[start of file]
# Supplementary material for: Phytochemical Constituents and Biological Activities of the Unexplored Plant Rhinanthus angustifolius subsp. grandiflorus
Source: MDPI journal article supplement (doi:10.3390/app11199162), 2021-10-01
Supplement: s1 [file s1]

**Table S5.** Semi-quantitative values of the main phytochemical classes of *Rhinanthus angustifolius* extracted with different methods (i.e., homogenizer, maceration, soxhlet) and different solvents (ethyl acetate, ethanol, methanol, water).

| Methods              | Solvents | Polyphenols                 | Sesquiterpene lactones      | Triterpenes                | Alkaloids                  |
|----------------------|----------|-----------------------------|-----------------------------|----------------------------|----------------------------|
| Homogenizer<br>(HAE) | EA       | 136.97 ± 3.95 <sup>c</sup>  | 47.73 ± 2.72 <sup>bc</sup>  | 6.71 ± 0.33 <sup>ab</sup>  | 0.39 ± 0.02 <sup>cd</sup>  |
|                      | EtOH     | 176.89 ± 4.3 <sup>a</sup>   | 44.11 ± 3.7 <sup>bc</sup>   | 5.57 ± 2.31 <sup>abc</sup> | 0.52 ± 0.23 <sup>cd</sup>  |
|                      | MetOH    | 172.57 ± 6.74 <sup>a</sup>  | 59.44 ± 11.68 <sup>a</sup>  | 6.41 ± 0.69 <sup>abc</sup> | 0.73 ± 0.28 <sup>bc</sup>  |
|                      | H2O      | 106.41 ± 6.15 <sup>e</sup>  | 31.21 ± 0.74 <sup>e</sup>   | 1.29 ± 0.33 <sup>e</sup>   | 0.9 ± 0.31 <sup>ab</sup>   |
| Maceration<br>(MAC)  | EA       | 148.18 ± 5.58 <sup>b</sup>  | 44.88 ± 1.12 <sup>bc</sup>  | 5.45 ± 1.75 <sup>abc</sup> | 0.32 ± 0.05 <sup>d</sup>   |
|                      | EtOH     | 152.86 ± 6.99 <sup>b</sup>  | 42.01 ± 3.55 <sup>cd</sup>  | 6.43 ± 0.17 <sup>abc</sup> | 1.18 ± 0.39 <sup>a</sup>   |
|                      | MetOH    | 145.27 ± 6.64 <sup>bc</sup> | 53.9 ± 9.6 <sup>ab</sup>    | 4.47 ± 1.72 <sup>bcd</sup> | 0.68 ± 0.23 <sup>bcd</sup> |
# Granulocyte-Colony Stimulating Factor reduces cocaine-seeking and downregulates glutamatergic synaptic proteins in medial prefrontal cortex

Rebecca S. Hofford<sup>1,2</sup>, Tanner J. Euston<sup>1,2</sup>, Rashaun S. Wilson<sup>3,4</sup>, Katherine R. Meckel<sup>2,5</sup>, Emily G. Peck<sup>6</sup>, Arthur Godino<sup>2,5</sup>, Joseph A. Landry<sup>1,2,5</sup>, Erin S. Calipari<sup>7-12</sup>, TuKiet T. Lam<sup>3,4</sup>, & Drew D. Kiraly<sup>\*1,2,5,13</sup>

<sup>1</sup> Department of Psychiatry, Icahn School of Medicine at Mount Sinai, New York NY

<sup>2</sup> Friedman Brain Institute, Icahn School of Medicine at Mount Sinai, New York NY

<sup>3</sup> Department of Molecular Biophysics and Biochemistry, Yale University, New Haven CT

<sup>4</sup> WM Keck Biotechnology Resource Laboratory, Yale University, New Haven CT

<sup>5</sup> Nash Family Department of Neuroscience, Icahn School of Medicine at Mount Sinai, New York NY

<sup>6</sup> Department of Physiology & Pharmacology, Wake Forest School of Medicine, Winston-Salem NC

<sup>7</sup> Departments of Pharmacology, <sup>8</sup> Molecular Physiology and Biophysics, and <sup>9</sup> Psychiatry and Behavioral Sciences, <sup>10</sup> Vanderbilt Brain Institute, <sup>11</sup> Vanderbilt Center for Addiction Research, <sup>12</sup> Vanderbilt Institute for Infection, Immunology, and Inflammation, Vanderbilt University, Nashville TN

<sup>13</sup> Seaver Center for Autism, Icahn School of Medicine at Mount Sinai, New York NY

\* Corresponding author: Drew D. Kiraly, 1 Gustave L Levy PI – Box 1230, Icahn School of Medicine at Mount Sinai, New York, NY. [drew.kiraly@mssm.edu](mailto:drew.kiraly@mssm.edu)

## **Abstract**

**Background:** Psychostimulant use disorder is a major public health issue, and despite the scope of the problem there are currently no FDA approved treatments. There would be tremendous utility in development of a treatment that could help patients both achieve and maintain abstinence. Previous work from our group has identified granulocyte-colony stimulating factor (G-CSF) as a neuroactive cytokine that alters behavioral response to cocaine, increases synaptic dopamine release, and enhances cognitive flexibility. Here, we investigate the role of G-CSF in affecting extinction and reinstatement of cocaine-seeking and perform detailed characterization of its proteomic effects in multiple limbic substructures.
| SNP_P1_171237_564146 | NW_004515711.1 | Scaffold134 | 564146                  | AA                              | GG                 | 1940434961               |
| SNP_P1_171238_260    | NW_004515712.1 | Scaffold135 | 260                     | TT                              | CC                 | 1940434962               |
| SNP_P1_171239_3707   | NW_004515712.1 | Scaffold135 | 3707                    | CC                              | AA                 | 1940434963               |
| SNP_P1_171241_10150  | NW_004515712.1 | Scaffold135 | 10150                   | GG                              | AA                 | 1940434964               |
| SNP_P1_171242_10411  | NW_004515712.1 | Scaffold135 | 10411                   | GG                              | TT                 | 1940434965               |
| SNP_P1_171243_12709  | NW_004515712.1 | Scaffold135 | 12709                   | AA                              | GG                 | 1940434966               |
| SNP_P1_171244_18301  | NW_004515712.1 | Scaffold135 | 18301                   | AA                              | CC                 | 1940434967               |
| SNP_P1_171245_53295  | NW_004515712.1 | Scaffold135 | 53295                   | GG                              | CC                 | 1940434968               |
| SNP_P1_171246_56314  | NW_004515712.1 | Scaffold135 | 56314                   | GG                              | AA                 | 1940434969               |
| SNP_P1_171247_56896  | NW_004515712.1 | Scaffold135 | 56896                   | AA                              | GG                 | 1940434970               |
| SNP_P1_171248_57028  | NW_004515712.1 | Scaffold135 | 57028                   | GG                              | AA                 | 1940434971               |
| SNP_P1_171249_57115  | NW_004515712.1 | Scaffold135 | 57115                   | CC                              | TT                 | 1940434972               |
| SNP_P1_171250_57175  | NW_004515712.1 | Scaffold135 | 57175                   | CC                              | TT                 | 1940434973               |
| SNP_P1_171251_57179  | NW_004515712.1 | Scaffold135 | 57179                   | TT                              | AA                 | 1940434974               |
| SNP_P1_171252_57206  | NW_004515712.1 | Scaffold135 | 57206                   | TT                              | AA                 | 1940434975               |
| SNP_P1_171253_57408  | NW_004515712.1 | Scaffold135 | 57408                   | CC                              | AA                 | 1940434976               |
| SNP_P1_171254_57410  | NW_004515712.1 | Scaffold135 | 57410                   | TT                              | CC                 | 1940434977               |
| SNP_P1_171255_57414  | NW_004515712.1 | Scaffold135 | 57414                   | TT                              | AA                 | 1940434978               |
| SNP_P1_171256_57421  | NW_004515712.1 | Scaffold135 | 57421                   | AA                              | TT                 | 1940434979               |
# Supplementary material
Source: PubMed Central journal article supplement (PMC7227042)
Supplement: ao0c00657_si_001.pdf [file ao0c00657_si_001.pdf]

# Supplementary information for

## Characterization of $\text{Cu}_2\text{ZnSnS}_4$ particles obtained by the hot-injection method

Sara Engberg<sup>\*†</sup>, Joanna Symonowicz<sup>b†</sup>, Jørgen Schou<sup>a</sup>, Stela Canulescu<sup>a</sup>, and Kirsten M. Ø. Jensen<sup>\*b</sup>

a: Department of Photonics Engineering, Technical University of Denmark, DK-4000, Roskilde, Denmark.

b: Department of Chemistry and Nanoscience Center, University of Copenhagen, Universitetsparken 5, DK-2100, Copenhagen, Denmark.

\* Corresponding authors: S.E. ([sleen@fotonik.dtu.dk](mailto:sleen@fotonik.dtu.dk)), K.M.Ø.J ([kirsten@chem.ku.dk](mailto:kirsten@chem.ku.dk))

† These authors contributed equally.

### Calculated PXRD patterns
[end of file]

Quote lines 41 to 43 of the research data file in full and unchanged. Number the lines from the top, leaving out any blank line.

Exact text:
| SNP_P1_171252_57206  | NW_004515712.1 | Scaffold135 | 57206                   | TT                              | AA                 | 1940434975               |
| SNP_P1_171253_57408  | NW_004515712.1 | Scaffold135 | 57408                   | CC                              | AA                 | 1940434976               |
| SNP_P1_171254_57410  | NW_004515712.1 | Scaffold135 | 57410                   | TT                              | CC                 | 1940434977               |